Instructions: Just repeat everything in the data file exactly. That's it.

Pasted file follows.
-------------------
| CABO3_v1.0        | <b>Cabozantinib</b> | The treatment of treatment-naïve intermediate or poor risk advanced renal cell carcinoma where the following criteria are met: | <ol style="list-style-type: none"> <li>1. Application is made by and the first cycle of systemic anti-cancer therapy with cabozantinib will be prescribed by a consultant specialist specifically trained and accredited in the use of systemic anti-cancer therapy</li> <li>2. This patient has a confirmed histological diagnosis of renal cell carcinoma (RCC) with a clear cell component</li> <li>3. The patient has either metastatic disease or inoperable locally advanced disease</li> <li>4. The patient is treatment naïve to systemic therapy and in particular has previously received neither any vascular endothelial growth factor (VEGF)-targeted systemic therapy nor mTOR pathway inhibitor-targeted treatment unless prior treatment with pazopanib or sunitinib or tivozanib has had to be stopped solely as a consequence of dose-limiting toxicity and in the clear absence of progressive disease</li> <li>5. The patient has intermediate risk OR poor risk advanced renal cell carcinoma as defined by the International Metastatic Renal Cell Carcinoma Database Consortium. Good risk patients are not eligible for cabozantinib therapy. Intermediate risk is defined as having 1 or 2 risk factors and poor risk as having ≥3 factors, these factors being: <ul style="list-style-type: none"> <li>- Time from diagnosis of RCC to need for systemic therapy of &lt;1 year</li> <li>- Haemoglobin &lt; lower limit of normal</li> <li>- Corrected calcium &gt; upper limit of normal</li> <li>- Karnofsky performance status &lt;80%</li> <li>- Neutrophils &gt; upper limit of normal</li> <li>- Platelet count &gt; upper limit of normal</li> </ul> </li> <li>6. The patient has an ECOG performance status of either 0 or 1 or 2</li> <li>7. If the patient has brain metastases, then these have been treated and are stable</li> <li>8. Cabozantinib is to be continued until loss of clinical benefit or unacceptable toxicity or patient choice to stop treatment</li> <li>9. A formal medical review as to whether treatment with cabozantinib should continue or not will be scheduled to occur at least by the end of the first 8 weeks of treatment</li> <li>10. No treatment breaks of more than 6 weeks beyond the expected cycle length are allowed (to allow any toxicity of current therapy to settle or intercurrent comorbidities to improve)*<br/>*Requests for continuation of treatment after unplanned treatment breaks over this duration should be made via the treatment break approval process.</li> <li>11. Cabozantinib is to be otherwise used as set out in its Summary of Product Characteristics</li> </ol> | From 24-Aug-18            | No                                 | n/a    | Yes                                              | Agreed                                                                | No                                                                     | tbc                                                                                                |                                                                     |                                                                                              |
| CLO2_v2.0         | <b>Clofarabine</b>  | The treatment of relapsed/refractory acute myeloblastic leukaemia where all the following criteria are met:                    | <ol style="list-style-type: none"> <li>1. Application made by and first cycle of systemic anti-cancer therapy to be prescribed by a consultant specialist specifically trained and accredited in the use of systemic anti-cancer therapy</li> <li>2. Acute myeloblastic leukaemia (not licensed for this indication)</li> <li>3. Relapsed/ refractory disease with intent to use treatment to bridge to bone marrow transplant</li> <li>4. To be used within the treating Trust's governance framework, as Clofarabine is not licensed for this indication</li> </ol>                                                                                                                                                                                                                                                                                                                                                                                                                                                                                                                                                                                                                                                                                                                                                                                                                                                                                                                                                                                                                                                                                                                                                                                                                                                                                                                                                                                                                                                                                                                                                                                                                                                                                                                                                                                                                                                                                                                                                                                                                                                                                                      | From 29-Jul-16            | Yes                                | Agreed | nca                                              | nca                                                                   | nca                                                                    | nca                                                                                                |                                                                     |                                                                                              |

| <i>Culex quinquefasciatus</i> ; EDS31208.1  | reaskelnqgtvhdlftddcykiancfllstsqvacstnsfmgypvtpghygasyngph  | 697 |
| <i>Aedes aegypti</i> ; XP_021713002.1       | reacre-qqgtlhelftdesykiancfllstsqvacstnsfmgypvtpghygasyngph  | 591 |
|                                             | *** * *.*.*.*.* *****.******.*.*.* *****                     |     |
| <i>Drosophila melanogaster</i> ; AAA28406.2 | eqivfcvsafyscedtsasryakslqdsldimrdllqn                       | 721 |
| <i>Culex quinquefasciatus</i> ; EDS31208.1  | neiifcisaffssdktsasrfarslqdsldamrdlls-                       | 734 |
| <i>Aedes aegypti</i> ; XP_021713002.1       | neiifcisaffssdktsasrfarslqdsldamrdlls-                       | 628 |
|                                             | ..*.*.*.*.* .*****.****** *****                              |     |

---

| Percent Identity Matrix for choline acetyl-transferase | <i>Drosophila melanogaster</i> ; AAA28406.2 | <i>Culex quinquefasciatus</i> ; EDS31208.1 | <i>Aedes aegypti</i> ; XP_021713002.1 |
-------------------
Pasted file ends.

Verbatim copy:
| CABO3_v1.0        | <b>Cabozantinib</b> | The treatment of treatment-naïve intermediate or poor risk advanced renal cell carcinoma where the following criteria are met: | <ol style="list-style-type: none"> <li>1. Application is made by and the first cycle of systemic anti-cancer therapy with cabozantinib will be prescribed by a consultant specialist specifically trained and accredited in the use of systemic anti-cancer therapy</li> <li>2. This patient has a confirmed histological diagnosis of renal cell carcinoma (RCC) with a clear cell component</li> <li>3. The patient has either metastatic disease or inoperable locally advanced disease</li> <li>4. The patient is treatment naïve to systemic therapy and in particular has previously received neither any vascular endothelial growth factor (VEGF)-targeted systemic therapy nor mTOR pathway inhibitor-targeted treatment unless prior treatment with pazopanib or sunitinib or tivozanib has had to be stopped solely as a consequence of dose-limiting toxicity and in the clear absence of progressive disease</li> <li>5. The patient has intermediate risk OR poor risk advanced renal cell carcinoma as defined by the International Metastatic Renal Cell Carcinoma Database Consortium. Good risk patients are not eligible for cabozantinib therapy. Intermediate risk is defined as having 1 or 2 risk factors and poor risk as having ≥3 factors, these factors being: <ul style="list-style-type: none"> <li>- Time from diagnosis of RCC to need for systemic therapy of &lt;1 year</li> <li>- Haemoglobin &lt; lower limit of normal</li> <li>- Corrected calcium &gt; upper limit of normal</li> <li>- Karnofsky performance status &lt;80%</li> <li>- Neutrophils &gt; upper limit of normal</li> <li>- Platelet count &gt; upper limit of normal</li> </ul> </li> <li>6. The patient has an ECOG performance status of either 0 or 1 or 2</li> <li>7. If the patient has brain metastases, then these have been treated and are stable</li> <li>8. Cabozantinib is to be continued until loss of clinical benefit or unacceptable toxicity or patient choice to stop treatment</li> <li>9. A formal medical review as to whether treatment with cabozantinib should continue or not will be scheduled to occur at least by the end of the first 8 weeks of treatment</li> <li>10. No treatment breaks of more than 6 weeks beyond the expected cycle length are allowed (to allow any toxicity of current therapy to settle or intercurrent comorbidities to improve)*<br/>*Requests for continuation of treatment after unplanned treatment breaks over this duration should be made via the treatment break approval process.</li> <li>11. Cabozantinib is to be otherwise used as set out in its Summary of Product Characteristics</li> </ol> | From 24-Aug-18            | No                                 | n/a    | Yes                                              | Agreed                                                                | No                                                                     | tbc                                                                                                |                                                                     |                                                                                              |
| CLO2_v2.0         | <b>Clofarabine</b>  | The treatment of relapsed/refractory acute myeloblastic leukaemia where all the following criteria are met:                    | <ol style="list-style-type: none"> <li>1. Application made by and first cycle of systemic anti-cancer therapy to be prescribed by a consultant specialist specifically trained and accredited in the use of systemic anti-cancer therapy</li> <li>2. Acute myeloblastic leukaemia (not licensed for this indication)</li> <li>3. Relapsed/ refractory disease with intent to use treatment to bridge to bone marrow transplant</li> <li>4. To be used within the treating Trust's governance framework, as Clofarabine is not licensed for this indication</li> </ol>                                                                                                                                                                                                                                                                                                                                                                                                                                                                                                                                                                                                                                                                                                                                                                                                                                                                                                                                                                                                                                                                                                                                                                                                                                                                                                                                                                                                                                                                                                                                                                                                                                                                                                                                                                                                                                                                                                                                                                                                                                                                                                      | From 29-Jul-16            | Yes                                | Agreed | nca                                              | nca                                                                   | nca                                                                    | nca                                                                                                |                                                                     |                                                                                              |

| <i>Culex quinquefasciatus</i> ; EDS31208.1  | reaskelnqgtvhdlftddcykiancfllstsqvacstnsfmgypvtpghygasyngph  | 697 |
| <i>Aedes aegypti</i> ; XP_021713002.1       | reacre-qqgtlhelftdesykiancfllstsqvacstnsfmgypvtpghygasyngph  | 591 |
|                                             | *** * *.*.*.*.* *****.******.*.*.* *****                     |     |
| <i>Drosophila melanogaster</i> ; AAA28406.2 | eqivfcvsafyscedtsasryakslqdsldimrdllqn                       | 721 |
| <i>Culex quinquefasciatus</i> ; EDS31208.1  | neiifcisaffssdktsasrfarslqdsldamrdlls-                       | 734 |
| <i>Aedes aegypti</i> ; XP_021713002.1       | neiifcisaffssdktsasrfarslqdsldamrdlls-                       | 628 |
|                                             | ..*.*.*.*.* .*****.****** *****                              |     |

---

| Percent Identity Matrix for choline acetyl-transferase | <i>Drosophila melanogaster</i> ; AAA28406.2 | <i>Culex quinquefasciatus</i> ; EDS31208.1 | <i>Aedes aegypti</i> ; XP_021713002.1 |